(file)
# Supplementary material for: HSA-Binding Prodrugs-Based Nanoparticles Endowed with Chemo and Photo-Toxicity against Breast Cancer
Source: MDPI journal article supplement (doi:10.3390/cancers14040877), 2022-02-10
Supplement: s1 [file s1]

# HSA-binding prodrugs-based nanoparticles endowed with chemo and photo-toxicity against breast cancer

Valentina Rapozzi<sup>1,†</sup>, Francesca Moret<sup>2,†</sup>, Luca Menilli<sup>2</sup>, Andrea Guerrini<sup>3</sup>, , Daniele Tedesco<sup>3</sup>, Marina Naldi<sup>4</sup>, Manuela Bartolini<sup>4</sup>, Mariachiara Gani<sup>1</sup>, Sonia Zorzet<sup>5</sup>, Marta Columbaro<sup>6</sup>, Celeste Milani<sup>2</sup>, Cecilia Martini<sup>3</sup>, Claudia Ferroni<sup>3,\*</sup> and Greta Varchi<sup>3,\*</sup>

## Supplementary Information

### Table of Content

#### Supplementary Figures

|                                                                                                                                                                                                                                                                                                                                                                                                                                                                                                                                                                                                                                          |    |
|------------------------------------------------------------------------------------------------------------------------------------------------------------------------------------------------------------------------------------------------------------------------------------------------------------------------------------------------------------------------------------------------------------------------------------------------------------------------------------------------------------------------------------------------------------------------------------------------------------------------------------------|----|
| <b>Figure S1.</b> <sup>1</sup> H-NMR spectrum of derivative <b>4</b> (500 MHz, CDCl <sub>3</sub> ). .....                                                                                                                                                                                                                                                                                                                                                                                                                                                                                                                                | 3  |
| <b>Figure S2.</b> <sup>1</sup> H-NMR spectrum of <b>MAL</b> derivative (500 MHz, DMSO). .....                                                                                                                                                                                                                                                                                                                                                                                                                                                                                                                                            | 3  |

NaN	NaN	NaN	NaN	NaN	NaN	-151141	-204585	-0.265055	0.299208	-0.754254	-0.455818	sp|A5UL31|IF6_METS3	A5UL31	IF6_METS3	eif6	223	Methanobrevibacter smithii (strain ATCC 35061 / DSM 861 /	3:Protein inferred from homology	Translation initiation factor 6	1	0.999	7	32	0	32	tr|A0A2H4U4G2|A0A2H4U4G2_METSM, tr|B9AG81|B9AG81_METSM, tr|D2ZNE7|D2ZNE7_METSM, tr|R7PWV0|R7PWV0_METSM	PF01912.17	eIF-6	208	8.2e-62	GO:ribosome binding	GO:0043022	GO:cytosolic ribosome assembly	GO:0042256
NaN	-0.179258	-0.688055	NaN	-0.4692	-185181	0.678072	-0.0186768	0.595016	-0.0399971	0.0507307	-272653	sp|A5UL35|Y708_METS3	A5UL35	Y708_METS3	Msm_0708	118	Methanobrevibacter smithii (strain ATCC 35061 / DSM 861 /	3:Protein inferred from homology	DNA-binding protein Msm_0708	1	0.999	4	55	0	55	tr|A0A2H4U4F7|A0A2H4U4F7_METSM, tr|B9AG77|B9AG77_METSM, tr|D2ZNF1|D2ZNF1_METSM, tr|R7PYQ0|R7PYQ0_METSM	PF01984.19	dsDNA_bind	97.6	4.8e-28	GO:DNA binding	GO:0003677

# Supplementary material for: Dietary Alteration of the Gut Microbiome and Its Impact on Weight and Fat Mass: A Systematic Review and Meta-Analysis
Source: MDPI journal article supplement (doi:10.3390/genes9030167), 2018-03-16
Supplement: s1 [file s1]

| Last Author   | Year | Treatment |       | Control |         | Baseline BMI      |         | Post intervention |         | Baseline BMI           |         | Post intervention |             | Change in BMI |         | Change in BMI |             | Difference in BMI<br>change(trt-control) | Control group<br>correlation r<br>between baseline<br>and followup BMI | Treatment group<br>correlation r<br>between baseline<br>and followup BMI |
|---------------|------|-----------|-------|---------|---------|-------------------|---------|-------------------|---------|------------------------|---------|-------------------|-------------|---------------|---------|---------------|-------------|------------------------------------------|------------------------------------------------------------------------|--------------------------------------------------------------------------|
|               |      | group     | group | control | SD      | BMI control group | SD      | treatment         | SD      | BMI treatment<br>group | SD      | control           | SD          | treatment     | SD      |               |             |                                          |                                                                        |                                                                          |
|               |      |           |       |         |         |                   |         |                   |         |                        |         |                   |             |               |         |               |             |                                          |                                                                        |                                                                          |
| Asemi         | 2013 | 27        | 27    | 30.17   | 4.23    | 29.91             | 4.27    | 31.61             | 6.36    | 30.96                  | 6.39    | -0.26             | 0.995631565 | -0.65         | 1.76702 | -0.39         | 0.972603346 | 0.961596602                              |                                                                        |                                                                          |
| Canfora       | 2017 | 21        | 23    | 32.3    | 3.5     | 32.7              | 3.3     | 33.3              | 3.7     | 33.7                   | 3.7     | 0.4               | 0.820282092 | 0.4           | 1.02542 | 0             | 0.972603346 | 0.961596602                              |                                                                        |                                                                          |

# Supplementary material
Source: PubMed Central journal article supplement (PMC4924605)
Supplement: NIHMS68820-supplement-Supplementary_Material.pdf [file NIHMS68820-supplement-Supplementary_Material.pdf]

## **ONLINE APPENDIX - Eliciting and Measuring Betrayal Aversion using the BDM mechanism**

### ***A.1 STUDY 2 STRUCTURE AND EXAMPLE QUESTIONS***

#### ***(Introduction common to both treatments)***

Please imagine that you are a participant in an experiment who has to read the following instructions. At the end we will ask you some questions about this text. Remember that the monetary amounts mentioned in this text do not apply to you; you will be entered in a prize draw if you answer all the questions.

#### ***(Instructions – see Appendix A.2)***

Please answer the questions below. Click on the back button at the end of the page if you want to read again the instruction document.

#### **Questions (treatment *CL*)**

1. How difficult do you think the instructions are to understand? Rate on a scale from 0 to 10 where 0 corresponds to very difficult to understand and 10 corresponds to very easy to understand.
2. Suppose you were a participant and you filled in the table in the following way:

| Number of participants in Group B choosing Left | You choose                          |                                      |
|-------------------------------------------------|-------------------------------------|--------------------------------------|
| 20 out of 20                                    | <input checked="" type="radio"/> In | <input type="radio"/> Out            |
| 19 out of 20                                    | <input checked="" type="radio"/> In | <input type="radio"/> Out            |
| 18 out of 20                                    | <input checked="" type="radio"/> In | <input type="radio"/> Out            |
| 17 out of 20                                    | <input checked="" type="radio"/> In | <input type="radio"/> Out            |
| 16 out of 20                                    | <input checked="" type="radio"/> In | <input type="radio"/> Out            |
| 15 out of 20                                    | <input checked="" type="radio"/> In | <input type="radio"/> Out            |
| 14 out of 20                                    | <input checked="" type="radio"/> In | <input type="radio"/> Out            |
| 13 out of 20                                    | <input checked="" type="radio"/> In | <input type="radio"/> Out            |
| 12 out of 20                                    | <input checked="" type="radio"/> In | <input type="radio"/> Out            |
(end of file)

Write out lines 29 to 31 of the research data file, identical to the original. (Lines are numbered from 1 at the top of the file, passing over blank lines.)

#### ***(Introduction common to both treatments)***

Please imagine that you are a participant in an experiment who has to read the following instructions. At the end we will ask you some questions about this text. Remember that the monetary amounts mentioned in this text do not apply to you; you will be entered in a prize draw if you answer all the questions.

#### ***(Instructions – see Appendix A.2)***